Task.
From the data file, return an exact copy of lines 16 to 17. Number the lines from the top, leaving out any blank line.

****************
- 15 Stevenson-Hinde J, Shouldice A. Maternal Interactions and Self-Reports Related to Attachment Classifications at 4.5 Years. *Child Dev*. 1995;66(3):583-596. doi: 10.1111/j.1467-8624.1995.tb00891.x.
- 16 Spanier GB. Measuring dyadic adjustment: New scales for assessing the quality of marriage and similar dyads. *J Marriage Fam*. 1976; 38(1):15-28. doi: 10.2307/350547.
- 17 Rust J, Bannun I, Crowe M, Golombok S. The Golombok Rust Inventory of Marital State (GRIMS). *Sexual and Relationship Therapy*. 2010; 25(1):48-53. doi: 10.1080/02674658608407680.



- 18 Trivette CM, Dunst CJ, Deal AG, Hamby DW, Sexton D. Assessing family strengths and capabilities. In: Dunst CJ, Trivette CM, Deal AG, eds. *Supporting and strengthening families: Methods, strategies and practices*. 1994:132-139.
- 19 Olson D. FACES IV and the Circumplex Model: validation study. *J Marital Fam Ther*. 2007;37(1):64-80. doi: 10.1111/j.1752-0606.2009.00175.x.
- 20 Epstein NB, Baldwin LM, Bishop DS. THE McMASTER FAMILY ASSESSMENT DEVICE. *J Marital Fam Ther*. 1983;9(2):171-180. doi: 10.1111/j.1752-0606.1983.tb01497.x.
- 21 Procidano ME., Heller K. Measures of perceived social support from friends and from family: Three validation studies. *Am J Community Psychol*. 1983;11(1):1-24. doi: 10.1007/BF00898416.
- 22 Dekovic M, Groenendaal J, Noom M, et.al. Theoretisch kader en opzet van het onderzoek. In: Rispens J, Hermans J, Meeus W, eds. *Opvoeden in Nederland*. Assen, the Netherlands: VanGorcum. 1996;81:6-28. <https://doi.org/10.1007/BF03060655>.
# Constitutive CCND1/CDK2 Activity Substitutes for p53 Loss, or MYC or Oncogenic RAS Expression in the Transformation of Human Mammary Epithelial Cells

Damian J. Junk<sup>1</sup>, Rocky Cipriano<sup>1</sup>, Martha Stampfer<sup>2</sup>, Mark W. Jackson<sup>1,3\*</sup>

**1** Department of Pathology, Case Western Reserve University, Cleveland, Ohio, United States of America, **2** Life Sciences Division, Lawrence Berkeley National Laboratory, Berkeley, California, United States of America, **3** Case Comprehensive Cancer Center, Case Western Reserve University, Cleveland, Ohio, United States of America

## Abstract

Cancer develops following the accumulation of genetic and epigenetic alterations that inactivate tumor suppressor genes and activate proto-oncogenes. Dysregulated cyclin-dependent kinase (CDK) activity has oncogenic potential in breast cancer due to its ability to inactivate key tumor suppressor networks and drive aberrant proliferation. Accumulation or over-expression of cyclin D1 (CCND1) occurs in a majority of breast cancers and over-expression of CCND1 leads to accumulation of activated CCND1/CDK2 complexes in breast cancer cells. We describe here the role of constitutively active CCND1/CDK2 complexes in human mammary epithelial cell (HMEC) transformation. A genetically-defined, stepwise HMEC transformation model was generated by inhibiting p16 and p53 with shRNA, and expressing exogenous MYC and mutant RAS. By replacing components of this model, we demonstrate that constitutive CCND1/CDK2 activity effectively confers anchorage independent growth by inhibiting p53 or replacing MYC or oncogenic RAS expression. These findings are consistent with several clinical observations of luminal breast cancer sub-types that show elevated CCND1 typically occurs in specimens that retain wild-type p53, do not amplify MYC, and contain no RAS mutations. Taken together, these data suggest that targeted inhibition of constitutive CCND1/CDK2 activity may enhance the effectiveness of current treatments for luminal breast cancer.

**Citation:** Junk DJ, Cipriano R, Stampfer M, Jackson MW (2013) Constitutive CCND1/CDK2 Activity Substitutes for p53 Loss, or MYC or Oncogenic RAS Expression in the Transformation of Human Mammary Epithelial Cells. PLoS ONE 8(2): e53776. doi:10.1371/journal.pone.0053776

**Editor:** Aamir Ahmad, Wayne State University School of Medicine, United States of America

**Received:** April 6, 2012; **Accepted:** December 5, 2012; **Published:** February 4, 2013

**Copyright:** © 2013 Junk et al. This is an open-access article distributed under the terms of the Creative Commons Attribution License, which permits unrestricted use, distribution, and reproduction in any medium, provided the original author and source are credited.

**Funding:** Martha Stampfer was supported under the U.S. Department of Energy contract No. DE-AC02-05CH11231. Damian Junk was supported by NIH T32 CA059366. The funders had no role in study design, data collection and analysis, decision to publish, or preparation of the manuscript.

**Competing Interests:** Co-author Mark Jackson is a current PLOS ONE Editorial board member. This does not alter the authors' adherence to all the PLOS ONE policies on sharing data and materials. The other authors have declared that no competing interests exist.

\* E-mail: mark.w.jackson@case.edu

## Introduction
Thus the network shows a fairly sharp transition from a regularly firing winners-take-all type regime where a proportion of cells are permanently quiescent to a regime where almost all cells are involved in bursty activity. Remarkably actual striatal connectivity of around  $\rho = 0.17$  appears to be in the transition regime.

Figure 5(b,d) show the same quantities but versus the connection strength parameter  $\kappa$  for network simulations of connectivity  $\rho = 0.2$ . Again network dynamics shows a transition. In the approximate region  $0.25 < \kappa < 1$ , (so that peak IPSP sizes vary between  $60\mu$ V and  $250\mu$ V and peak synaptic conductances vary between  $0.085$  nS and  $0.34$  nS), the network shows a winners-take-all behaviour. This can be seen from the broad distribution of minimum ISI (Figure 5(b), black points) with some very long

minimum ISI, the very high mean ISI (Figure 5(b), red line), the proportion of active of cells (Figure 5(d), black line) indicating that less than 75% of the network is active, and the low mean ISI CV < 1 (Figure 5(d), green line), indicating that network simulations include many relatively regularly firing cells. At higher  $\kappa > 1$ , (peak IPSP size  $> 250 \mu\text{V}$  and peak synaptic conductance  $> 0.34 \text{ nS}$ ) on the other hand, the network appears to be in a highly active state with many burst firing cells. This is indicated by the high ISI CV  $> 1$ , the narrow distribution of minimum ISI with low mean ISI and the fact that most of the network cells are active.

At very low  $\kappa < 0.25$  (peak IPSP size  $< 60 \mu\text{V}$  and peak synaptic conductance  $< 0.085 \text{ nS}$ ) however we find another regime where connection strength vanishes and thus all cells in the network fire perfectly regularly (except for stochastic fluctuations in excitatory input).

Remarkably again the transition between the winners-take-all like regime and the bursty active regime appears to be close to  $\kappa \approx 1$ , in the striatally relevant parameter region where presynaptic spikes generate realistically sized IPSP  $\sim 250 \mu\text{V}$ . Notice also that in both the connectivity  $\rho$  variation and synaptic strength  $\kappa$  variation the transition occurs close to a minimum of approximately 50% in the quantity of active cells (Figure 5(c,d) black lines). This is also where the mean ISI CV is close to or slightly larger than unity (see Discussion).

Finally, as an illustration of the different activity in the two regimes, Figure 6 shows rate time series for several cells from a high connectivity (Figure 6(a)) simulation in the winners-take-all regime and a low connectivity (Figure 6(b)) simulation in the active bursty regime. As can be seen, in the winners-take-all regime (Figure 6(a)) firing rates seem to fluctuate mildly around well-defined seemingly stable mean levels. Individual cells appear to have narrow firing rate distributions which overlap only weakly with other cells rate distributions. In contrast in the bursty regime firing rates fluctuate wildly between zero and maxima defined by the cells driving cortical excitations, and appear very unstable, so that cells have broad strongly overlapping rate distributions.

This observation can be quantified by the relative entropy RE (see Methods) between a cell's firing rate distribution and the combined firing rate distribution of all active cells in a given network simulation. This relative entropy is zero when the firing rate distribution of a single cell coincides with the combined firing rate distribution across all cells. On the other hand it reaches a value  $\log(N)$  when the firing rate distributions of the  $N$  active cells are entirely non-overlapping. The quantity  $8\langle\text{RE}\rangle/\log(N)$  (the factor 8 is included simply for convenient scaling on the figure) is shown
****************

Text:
**Received:** April 6, 2012; **Accepted:** December 5, 2012; **Published:** February 4, 2013

**Copyright:** © 2013 Junk et al. This is an open-access article distributed under the terms of the Creative Commons Attribution License, which permits unrestricted use, distribution, and reproduction in any medium, provided the original author and source are credited.